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In this moving book, Deen lays bare his difficult, muddled wrestling with his faith, the challenges it posed to everything...

A former member of an extremely insular Hasidic sect tells his story of becoming curious about the outside world—and the consequences of that curiosity.

Unpious magazine founding editor Deen was raised in the Hasidic sect known as “the Skverers,” an offshoot of Orthodox Judaism that shuns the outside world. Radio, TV, newspapers, the Internet—these are all gateways that, once opened, let forth a flood of sinful thought and action into one’s heart. The author knows the story of how New Square, in Rockland County, New York, came to be and the travails faced by those seeking to establish it; he knows that even among strict, rigid devotees of Judaism, New Square is considered a place where the real fanaticism takes place. Like some who went before him, Deen’s intellectual curiosity led him to pursuits considered borderline sacrilegious. As a young boy, he was scolded for reading Then Again, Maybe I Won’t by Judy Blume, and as an 11-year-old, he would sneak off to read Hardy Boys mysteries. Turning 13, however, meant putting those texts behind him and focusing more on religious studies. Deen did so, but his interest in the world outside New Square followed him into adulthood, marriage and children. In equal measure with his interest in how others lived was a growing dissatisfaction with some of the practices within the Skverers—how on one hand, the elders would speak of the importance of offspring, but when Deen’s children arrived, it was treated as irrelevant. When instructed as a teacher to fudge the progress reports—to ensure continued approval that they were teaching, along with religion, the arithmetic and reading required—to the government, the author felt this untruth to be a betrayal.

In this moving book, Deen lays bare his difficult, muddled wrestling with his faith, the challenges it posed to everything he thought he knew about himself, and the hard-won redemption he eventually found.

Pub Date: March 24, 2015

ISBN: 978-1-55597-705-4

Page Count: 320

Publisher: Graywolf

Review Posted Online: Dec. 20, 2014

Kirkus Reviews Issue: Jan. 1, 2015

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The author's youthfulness helps to assure the inevitable comparison with the Anne Frank diary although over and above the...

Elie Wiesel spent his early years in a small Transylvanian town as one of four children.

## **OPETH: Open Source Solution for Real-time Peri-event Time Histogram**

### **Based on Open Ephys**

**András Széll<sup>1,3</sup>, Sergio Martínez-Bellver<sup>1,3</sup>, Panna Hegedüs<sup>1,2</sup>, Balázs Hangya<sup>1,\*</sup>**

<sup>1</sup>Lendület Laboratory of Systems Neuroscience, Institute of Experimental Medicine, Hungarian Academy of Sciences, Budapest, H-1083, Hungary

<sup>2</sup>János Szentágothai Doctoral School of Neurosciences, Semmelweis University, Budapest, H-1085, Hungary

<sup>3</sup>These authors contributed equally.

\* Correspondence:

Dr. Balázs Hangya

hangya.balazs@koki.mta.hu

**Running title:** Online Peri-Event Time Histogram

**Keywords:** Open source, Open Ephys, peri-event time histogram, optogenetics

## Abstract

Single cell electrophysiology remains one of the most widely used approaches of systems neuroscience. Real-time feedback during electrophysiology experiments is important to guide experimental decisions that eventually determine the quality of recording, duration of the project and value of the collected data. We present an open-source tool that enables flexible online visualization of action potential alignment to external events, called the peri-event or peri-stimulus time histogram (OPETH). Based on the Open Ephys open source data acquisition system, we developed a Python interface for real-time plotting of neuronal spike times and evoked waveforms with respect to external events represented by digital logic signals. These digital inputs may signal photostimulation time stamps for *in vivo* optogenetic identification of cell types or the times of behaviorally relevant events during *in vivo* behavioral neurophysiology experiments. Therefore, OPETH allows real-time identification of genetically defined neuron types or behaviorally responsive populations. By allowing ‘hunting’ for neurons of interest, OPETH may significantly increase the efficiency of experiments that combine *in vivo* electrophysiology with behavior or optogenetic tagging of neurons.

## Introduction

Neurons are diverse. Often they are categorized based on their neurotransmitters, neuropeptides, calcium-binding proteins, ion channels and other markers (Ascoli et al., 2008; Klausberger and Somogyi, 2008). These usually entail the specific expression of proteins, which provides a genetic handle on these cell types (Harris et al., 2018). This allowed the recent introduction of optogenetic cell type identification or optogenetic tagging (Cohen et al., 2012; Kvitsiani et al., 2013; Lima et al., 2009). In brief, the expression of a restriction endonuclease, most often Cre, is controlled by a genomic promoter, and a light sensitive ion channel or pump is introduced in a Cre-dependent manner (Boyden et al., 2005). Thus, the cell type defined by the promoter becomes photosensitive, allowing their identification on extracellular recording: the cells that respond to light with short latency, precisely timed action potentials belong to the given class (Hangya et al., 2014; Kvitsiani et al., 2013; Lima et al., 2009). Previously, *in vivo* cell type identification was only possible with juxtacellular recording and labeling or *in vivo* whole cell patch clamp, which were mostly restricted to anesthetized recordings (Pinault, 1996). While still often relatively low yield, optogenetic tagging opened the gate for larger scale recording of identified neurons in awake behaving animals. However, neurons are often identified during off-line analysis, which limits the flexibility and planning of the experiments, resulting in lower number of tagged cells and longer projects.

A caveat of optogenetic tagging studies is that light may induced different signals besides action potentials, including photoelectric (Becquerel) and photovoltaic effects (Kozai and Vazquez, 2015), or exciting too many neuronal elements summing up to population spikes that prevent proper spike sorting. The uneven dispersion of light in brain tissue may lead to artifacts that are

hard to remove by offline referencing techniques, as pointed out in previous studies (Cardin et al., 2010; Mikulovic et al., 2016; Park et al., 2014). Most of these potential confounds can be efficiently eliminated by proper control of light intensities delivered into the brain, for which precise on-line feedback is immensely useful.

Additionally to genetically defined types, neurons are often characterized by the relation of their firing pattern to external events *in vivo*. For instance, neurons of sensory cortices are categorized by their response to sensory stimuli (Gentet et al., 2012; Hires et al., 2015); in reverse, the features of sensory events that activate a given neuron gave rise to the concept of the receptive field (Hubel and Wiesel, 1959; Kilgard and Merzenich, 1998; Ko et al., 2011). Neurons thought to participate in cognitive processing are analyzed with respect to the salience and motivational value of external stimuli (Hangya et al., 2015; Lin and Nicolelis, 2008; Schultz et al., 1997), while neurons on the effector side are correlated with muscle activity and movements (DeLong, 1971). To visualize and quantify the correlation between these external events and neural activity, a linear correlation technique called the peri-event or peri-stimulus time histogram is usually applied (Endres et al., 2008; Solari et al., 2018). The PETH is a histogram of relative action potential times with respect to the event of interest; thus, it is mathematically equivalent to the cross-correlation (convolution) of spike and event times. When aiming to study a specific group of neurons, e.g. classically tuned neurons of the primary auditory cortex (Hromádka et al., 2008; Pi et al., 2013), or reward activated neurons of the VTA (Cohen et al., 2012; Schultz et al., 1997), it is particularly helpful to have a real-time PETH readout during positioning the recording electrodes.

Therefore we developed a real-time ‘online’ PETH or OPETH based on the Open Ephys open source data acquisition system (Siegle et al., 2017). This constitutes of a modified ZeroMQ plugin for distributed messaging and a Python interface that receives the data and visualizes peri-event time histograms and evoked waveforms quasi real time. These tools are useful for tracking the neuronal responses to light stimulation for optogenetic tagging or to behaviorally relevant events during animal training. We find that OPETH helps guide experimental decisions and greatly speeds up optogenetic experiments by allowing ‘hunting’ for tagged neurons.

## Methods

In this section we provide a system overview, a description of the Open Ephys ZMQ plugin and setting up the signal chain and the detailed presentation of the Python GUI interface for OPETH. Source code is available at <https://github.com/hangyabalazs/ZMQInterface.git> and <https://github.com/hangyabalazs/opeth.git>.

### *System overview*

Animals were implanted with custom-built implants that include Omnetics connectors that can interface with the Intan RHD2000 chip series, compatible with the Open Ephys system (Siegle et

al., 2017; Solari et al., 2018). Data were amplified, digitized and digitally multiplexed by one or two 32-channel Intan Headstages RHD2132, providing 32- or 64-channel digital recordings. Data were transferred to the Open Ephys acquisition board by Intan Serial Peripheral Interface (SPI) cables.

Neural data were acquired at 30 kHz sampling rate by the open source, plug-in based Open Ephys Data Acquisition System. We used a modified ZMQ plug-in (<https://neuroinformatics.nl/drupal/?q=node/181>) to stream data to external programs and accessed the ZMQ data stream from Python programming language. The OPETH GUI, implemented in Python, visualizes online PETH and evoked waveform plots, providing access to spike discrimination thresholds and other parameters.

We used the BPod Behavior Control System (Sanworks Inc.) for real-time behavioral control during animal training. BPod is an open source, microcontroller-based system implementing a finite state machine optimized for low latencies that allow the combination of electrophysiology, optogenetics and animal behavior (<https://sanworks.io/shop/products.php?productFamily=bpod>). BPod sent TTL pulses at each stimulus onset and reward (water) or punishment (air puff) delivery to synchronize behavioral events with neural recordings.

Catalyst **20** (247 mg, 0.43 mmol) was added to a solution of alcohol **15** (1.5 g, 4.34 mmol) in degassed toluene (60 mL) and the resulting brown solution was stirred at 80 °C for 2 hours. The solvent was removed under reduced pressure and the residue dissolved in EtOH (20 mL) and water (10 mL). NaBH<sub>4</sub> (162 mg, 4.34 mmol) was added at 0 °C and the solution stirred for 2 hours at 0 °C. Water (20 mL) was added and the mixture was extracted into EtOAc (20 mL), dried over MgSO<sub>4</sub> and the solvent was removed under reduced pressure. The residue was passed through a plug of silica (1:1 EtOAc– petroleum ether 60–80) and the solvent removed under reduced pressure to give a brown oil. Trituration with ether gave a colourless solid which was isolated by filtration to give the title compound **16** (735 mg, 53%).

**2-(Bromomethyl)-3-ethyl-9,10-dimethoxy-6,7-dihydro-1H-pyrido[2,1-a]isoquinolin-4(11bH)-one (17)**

He was the only one of the family to survive what Francois Maurois, in his introduction, calls the "human holocaust" of the persecution of the Jews, which began with the restrictions, the singularization of the yellow star, the enclosure within the ghetto, and went on to the mass deportations to the ovens of Auschwitz and Buchenwald. There are unforgettable and horrifying scenes here in this spare and sombre memoir of this experience of the hanging of a child, of his first farewell with his father who leaves him an inheritance of a knife and a spoon, and of his last goodbye at Buchenwald his father's corpse is already cold let alone the long months of survival under unconscionable conditions. 

The author's youthfulness helps to assure the inevitable comparison with the Anne Frank diary although over and above the sphere of suffering shared, and in this case extended to the death march itself, there is no spiritual or emotional legacy here to offset any reader reluctance.

Pub Date: Jan. 16, 2006

ISBN: 0374500010

Page Count: 120

Publisher: Hill & Wang

Review Posted Online: Oct. 7, 2011

Kirkus Reviews Issue: Jan. 15, 2006

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Well-told and admonitory.

Young-rags-to-mature-riches memoir by broker and motivational speaker Gardner.

Born and raised in the Milwaukee ghetto, the author pulled himself up from considerable disadvantage. He was fatherless, and his adored mother wasn’t always around; once, as a child, he spied her at a family funeral accompanied by a prison guard. When beautiful, evanescent Moms was there, Chris also had to deal with Freddie “I ain’t your goddamn daddy!” Triplett, one of the meanest stepfathers in recent literature. Chris did “the dozens” with the homies, boosted a bit and in the course of youthful adventure was raped. His heroes were Miles Davis, James Brown and Muhammad Ali. Meanwhile, at the behest of Moms, he developed a fondness for reading. He joined the Navy and became a medic (preparing badass Marines for proctology), and a proficient lab technician. Moving up in San Francisco, married and then divorced, he sold medical supplies. He was recruited as a trainee at Dean Witter just around the time he became a homeless single father. All his belongings in a shopping cart, Gardner sometimes slept with his young son at the office (apparently undiscovered by the night cleaning crew). The two also frequently bedded down in a public restroom. After Gardner’s talents were finally appreciated by the firm of Bear Stearns, his American Dream became real. He got the cool duds, hot car and fine ladies so coveted from afar back in the day. He even had a meeting with Nelson Mandela. Through it all, he remained a prideful parent. His own no-daddy blues are gone now.

Well-told and admonitory.

Pub Date: June 1, 2006

ISBN: 0-06-074486-3

Page Count: 320

Publisher: Amistad/HarperCollins

Review Posted Online: May 19, 2010

Kirkus Reviews Issue: March 15, 2006

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